Thursday, July 18, 2019 marks the 25th anniversary of the terrorist bombing of the AMIA Jewish center in Buenos Aires that killed 85 people and wounded 300. Governments all over the world, the United Nations, Jewish organizations will be holding commemorations and once again discussing this mired history. Further, the death of prosecutor Alberto Nisman in 2015, the night before he was to appear before the Argentine Congress to give an oral presentation of his accusations against then President Cristina Fernandez de Kirchner and the late Minister of Foreign Affairs, Hector Timerman, has given the media enough fodder to feed the public’s desire for conspiracy theories.
Since there will likely be dozens of articles in the English language press on this history, broadly making statements like Nisman was murdered (still not proven), high level Iranian functionaries orchestrated that attack (still not proven), Fernandez de Kirchner secretly agreed to drop the investigation (still not proven), we at BA City Guide offer the following list of facts and questions to consider for anyone reading about the case over the next few days:
1. The initial investigation of the terrorist attack by the Argentine police, with significant assistance from Mossad agents, was not handled well. The gathering of evidence was generally considered to be haphazard. For example, no autopsies or DNA testing were conducted of the remains of the body that was believed to be that of the suicide bomber.
2. The first attempt to resolve the case was based on an investigation to prove a “local connection” to the bombing. However, it was learned that Judge Juan Jose Galeano had bribed a witness with USD 400,000 to testify against the provincial police. Galeano is currently in jail.
3. In 1997, Lawyer Alberto Nisman was invited to join the investigating team, which was led by prosecutors Eamon Mullen y José Barbaccia. In 2004, after Mullen and Barbaccia were removed from the case, following Galeano’s impeachment, Nisman was promoted to be Special Prosecutor on the AMIA case by then President Nestor Kirchner. Nisman was given a staff of 40 people and worked directly with Argentine Intelligence (SIDE).
4. In 2006, Nisman formally accused Iran of planning the attack and Hezbollah of carrying it out. Interpol put out warrants for the arrest of various high level Iranian officials, all of who had diplomatic immunity. Iran denied involvement in the attacks and refused to cooperate with Argentine authorities.
5. Annually, Argentine President Kirchner and then President Fernandez de Kirchner would demand the extradition of the Iranian suspects in front of the General Assembly of the United Nations.
6. On March 26, 2011, journalist Pepe Eliaschev broke a story in the newspaper, Perfil, claiming that the government, through Foreign Affairs Minister Hector Timerman, was negotiating a secret deal with Iran that would require Argentina to abandon its efforts to have the accused extradited. This was followed by heating exchanges and accusations between Timerman and Eliaschev, both Jewish.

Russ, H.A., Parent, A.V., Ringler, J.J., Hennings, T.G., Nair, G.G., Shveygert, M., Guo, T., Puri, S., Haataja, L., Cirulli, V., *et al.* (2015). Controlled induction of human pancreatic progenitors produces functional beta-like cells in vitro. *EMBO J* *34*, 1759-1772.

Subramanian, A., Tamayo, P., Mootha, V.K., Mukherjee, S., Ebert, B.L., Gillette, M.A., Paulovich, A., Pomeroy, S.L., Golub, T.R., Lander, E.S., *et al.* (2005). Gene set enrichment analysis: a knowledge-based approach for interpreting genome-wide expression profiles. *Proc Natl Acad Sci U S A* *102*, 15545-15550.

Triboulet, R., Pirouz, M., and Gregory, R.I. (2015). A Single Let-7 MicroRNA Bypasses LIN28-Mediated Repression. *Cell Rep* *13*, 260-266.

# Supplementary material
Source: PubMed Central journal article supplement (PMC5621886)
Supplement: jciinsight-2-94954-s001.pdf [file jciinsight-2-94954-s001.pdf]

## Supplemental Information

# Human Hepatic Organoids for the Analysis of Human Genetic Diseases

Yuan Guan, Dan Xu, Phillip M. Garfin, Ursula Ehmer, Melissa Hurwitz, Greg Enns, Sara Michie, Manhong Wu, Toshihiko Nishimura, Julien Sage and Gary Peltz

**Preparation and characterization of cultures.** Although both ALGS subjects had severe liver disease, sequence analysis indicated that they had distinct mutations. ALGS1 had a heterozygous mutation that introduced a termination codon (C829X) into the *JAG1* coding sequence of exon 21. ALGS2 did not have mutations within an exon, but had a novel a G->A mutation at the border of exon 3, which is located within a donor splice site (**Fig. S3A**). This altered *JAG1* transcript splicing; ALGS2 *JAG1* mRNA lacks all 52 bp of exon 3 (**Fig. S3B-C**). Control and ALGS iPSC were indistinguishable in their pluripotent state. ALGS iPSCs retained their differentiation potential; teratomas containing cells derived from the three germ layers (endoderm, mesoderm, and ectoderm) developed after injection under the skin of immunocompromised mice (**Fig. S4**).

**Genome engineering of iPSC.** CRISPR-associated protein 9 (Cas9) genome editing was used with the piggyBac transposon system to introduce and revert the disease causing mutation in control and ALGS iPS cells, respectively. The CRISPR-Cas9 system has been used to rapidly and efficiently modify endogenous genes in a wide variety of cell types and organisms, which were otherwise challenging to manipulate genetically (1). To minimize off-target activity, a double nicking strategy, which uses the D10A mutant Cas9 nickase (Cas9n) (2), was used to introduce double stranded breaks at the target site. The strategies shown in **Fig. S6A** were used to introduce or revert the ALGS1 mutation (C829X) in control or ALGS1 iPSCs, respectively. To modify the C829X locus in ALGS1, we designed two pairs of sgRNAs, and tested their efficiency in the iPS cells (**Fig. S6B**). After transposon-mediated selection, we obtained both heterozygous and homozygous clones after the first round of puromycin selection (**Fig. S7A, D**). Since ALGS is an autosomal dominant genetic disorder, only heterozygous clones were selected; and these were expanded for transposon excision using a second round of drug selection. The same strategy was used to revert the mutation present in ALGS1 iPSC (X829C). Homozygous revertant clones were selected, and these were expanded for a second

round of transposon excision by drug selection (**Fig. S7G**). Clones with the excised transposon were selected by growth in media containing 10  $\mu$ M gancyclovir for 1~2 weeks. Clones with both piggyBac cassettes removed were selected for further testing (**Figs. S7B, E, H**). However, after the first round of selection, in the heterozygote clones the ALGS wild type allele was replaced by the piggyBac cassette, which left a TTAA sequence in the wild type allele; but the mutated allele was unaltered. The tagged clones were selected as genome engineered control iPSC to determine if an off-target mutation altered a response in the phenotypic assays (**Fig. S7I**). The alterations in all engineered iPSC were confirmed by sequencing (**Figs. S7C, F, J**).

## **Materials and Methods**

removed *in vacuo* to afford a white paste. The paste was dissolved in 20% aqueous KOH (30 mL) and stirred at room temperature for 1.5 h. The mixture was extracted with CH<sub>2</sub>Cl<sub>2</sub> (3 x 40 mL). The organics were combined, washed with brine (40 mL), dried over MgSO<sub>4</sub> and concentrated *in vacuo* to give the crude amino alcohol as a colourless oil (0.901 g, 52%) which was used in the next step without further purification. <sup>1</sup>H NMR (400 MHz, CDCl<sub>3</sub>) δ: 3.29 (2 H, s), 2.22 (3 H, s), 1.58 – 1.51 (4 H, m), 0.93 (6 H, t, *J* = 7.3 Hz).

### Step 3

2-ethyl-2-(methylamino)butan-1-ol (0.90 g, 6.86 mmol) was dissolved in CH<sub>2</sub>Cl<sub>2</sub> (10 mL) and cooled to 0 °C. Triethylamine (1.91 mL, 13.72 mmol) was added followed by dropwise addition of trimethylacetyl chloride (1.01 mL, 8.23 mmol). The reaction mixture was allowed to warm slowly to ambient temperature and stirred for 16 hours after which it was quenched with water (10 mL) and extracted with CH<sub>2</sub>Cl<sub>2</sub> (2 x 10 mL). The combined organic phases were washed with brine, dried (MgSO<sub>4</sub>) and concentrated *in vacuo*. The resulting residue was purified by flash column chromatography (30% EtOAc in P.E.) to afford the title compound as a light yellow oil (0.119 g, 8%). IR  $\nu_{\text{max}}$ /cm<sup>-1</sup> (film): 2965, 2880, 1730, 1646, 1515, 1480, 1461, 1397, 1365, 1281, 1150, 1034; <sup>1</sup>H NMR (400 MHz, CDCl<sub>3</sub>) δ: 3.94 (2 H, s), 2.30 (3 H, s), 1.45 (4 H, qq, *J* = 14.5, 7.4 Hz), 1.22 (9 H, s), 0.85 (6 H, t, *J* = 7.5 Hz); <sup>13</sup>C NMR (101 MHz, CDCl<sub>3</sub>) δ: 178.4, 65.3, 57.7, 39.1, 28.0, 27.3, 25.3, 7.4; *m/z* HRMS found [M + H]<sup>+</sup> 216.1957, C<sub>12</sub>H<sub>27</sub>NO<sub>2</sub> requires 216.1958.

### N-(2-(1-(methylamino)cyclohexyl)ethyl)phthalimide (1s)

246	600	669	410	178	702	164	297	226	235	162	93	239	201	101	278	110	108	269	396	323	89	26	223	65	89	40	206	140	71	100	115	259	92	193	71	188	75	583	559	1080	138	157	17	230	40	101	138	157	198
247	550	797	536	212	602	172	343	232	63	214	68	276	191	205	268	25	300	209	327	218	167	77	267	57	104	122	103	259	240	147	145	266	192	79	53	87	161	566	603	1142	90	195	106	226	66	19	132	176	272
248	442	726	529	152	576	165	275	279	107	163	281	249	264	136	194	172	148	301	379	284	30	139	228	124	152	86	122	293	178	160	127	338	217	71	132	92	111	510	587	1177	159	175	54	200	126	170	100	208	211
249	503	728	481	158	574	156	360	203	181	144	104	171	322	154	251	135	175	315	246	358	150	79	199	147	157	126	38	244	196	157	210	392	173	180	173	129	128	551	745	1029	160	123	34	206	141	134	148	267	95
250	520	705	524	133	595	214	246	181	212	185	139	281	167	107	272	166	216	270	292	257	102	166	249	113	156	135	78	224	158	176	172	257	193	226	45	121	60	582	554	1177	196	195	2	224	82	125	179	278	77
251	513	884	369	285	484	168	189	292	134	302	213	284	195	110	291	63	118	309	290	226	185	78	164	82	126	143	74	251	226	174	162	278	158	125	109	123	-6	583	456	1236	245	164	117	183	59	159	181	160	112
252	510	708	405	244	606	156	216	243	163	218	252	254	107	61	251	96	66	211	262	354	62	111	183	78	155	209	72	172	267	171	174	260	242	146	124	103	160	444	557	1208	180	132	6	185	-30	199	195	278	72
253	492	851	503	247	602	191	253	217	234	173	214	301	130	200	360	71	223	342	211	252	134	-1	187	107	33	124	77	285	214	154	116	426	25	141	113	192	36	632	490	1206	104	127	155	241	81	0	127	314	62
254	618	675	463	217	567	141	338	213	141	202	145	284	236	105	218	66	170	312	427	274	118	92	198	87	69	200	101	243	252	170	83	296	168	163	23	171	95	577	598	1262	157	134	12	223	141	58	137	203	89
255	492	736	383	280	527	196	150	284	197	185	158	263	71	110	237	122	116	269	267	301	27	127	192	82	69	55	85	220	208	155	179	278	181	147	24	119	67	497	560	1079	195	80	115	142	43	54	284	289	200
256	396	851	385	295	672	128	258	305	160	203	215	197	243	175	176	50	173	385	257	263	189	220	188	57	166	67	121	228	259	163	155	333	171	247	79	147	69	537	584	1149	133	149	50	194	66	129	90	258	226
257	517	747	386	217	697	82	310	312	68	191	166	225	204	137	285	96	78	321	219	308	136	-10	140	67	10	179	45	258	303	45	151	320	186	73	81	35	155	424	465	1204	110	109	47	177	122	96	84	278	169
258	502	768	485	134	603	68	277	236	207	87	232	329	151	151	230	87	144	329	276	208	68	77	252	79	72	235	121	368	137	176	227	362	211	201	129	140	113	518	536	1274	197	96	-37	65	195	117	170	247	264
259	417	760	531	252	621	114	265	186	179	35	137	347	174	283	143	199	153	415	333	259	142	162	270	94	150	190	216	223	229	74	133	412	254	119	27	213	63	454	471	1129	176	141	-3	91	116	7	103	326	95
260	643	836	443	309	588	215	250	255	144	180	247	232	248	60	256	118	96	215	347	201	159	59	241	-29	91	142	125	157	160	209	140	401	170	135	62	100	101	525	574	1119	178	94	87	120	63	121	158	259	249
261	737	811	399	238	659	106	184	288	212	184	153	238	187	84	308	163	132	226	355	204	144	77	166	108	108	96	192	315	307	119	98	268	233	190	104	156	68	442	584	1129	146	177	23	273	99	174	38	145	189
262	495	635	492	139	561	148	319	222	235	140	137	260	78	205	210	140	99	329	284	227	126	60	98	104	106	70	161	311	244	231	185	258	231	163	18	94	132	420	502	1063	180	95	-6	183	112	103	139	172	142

7. In 2013, President Fernandez attempted to form a “truth commission” with Iran to jointly investigate the attack, but an Argentinian court later struck down the pact.
8. On January 12, 2015, Nisman filed a criminal complaint against then President Fernandez de Kirchner and Timerman claiming they were obstructing justice through a signed “Memorandum of Understanding” with the Iranian government. The complaint seemed to come out of nowhere (since the news was four years old and Nisman had never made an accusation before) and rumors began to fly that the President had been considering removing Nisman from the case, claiming that it was going nowhere.
9. Nisman filed his complaint (a 300 page report) on January 12, and was to appear before the Argentine Congress on Monday, January 19 to give an oral presentation of his findings and accusations. He spent the weekend in his apartment preparing for his presentation. The last person to see him alive was one of his aides, an IT specialist named Diego Lagomarsino, who at Nisman’s request brought him a .22 caliber Bersa pistol, the same weapon that fired the fatal bullet.
10. Nisman stopped answering calls and responding to messages at some point on Sunday. His bodyguards called his mother and they entered the apartment together. No signs of forced entry were found. Nisman was found dead in his bathroom with a single shot to the temple and the gun beside him. The police accidentally moved the body, as it was blocking them from getting into the bathroom, and there was speculation that the initial process of gathering evidence was poorly handled.
11. Nisman’s death was initially ruled as a suicide by a court in 2015, based on a report by the Forensic Medical Body of the Supreme Court. In 2017, a new judge ordered a second investigation by the National Guard who said that Nisman was drugged, beaten and murdered. In 2018, judges ruled that Nisman’s death was a direct result of his accusations against the former President. The former President is a Senator and has immunity, but the court has yet to produce evidence against Fernandez de Kirchner.
12. In 2015, Federal Judge Daniel Rafecas ruled that Nisman’s 300-page complaint had no substantive evidence against Fernandez de Kirchner and Timerman and was complete speculation. No other ruling or investigation has proven that Nisman’s claims were well substantiated.